“If you believe you are a citizen of the world, you are a citizen of nowhere.”
Historically, being a non-Republican state, colonial Britain had subjects rather than citizens. Time of course stumbles on, as do stubborn common-sense habits and laws. Rather than an encyclopaedic ambition to make sense of any of this, the three painters in this show simply manifest the edges of contemporary life’s manifold circuses. It might be easy to dismiss their works as mere carnivalesque drollery, but no, weighty realism insists within the uncomfortable levity. Here, laughter is a form of self-defence and masks (thereby revealing) actual vulnerabilities; real subjectivities are invented.
Jesse Wiedel lives and works in Eureka, California, and his paintings develop a dystopian nightmare vision of countercultural breakdown in that rural habitat of drug victims, just about inhabiting sickly religious and other mad delusions. Aliens and alienation stalk the land on BMX bikes ridden by prematurely aged methamphetamine visionaries. Entropic sourness infects his paintwork – there is no ‘outside’ to this sprawling hopeless habitat, which indeed feels theologically cosmic in scope.
Charles Williams might seem to hail from somewhere far away from such enervated horror and bad survival strategies, and yet even in one of England’s home counties, sun blasted Kent, there is infection underlying the relative NHS guaranteed gentility. Freakishness rears its head in the form of Williams’ odd animals, hinting at a kind of queasy animation, all treated with Delacroix-like painterly mastery that only adds to the incongruity. Williams is developing into a master colourist and yet, rather than decadent aristocratic Shakespearian and Orientalist romantic fantasies from lost empires, his eye is cast on local subjects. He doesn’t resist his caricaturist eye – the graphic crudities of Gillray and Rawlinson insist from beyond the 19th century, despite the refined paint passages that he expertly deploys.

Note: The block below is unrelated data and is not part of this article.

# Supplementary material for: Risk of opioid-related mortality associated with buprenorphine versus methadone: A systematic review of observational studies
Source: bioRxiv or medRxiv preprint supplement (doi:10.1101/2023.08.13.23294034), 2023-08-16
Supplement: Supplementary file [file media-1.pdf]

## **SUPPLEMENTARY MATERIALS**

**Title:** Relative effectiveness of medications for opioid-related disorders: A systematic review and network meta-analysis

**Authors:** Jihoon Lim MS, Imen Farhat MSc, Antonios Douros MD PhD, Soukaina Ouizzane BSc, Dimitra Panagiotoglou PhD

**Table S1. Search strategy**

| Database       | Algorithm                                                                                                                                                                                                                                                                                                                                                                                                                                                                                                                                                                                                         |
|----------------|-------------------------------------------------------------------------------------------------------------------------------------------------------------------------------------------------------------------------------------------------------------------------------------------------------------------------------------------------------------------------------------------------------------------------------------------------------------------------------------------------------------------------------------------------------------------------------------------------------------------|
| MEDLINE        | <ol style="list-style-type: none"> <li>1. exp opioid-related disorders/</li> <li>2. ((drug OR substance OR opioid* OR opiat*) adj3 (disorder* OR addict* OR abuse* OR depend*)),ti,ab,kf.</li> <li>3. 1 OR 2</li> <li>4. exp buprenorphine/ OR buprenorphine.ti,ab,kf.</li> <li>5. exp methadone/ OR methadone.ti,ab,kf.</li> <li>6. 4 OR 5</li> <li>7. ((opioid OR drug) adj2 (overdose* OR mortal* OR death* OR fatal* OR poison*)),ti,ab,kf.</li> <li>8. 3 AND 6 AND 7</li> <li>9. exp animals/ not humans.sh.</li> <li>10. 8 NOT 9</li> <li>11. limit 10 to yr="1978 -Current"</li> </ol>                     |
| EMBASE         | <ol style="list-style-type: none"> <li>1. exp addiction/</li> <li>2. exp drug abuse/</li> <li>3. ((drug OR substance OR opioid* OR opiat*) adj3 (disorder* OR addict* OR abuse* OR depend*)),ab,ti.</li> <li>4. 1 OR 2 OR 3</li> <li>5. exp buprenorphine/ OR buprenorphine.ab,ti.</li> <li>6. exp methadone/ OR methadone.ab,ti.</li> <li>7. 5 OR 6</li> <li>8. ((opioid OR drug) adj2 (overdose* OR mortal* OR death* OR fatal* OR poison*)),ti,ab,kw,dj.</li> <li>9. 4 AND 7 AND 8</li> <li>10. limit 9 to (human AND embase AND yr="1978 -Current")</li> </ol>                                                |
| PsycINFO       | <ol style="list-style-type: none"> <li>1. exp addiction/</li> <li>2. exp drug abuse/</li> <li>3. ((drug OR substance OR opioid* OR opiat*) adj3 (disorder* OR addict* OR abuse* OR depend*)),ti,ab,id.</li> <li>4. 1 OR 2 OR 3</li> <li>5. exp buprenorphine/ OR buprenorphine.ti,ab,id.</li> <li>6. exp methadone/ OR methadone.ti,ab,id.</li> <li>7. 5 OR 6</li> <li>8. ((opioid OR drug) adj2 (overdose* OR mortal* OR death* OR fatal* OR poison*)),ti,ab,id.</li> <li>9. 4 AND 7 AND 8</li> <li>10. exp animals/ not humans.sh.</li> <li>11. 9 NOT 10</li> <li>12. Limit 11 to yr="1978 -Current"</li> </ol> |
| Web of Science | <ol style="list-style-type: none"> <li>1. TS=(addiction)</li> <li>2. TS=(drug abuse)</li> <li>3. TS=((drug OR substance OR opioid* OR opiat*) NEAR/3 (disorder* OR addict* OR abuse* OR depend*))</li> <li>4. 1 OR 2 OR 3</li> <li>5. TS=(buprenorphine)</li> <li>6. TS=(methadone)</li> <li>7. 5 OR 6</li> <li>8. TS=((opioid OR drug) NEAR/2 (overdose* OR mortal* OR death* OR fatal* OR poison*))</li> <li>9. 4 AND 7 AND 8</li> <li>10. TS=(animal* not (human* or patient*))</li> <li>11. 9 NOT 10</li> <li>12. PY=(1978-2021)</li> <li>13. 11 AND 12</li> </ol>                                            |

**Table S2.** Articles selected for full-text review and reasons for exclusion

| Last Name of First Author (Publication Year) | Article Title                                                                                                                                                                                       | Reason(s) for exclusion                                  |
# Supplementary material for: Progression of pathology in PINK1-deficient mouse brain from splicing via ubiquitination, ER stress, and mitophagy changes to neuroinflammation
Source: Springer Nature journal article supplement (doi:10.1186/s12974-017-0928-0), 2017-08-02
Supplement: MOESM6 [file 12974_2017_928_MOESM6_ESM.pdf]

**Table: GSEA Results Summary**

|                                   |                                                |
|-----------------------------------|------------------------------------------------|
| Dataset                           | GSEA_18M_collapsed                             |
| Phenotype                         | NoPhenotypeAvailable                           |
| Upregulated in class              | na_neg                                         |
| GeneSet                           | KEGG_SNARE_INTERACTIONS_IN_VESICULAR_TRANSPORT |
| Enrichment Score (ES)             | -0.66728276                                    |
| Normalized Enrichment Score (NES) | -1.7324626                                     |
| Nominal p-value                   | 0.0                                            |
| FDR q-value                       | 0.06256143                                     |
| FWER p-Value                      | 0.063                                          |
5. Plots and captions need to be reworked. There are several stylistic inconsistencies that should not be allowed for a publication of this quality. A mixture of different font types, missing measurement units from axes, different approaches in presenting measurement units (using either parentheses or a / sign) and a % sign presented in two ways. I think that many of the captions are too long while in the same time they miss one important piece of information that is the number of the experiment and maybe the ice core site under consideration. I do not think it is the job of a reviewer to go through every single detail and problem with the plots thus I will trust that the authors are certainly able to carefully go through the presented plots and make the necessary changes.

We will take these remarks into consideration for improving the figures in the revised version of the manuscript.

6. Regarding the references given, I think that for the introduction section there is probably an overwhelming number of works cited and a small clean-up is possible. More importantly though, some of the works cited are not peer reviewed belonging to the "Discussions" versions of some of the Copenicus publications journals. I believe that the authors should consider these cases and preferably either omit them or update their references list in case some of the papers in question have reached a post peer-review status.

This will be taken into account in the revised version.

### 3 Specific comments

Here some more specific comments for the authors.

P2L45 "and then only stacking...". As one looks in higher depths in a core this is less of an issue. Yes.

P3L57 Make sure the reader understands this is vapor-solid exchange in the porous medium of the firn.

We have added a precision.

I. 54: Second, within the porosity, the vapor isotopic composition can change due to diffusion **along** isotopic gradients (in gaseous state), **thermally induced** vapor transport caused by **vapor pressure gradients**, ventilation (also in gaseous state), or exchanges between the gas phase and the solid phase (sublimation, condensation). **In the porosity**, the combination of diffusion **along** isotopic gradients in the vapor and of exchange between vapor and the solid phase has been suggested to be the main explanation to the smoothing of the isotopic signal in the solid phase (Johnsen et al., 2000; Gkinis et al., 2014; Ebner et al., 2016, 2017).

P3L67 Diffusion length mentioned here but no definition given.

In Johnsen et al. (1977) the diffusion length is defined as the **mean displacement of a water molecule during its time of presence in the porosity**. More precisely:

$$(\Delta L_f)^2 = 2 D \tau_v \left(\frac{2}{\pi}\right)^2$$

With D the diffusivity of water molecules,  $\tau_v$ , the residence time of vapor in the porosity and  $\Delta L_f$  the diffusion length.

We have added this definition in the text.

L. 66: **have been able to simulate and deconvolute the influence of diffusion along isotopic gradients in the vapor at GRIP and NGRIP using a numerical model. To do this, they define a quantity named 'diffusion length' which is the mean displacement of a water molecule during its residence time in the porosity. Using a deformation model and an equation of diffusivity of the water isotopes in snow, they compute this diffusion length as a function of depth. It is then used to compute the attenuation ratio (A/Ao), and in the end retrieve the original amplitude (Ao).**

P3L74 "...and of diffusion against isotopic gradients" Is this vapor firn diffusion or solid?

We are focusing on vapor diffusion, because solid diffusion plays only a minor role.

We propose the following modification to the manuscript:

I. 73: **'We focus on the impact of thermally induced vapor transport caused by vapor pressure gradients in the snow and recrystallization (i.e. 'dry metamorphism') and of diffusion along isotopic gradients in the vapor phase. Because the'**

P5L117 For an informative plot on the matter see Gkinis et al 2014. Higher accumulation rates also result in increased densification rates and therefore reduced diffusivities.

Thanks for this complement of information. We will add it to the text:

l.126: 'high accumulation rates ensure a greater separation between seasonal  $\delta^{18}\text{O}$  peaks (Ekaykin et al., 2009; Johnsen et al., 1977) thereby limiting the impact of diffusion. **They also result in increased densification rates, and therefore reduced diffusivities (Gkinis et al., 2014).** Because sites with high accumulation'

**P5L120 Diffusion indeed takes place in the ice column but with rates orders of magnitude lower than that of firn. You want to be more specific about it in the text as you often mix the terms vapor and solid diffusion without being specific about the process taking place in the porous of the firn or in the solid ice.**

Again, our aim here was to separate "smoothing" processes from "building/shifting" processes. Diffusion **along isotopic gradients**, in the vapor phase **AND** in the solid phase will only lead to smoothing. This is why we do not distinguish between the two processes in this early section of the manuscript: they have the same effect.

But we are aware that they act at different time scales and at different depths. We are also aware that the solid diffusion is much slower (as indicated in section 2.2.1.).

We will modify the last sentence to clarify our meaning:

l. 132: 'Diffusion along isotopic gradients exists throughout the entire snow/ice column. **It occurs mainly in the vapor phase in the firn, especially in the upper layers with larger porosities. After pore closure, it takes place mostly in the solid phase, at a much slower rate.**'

Phil King ranges far and wide, a reluctant world citizen, and he too presents populations – half recognisable personages – paintings as leftover bits and pieces of grand projects. Dysfunctional crowds, (he painted a morbid Question Time audience artificially populated by deadly red-faced right-wing goons sitting uncomfortably alongside late great artists etc). He is currently struggling with a painting of the 2020 Cheltenham Racecourse crowd as the spread of deadly contagion in that officially sanctioned mass spreading event took hold. King’s work is a kind of history painting defined by partial, fragmentary, sensibilities. Horatio Nelson effigies and half recognizable film stars rub shoulders. His is an art of lookalikes and yet sometimes even that definition dissolves in painterly blur.
It might all seem to take the horrible and the awfully failing as humorous motif and thereby to stroll inappropriately beyond the pale, but participation in sanguine realism is not only a form of resistance but is also hopefully empowering, and these painters (both citizens and subjects) are great exemplars of it – while simply offering us unlikely ‘good paintings’.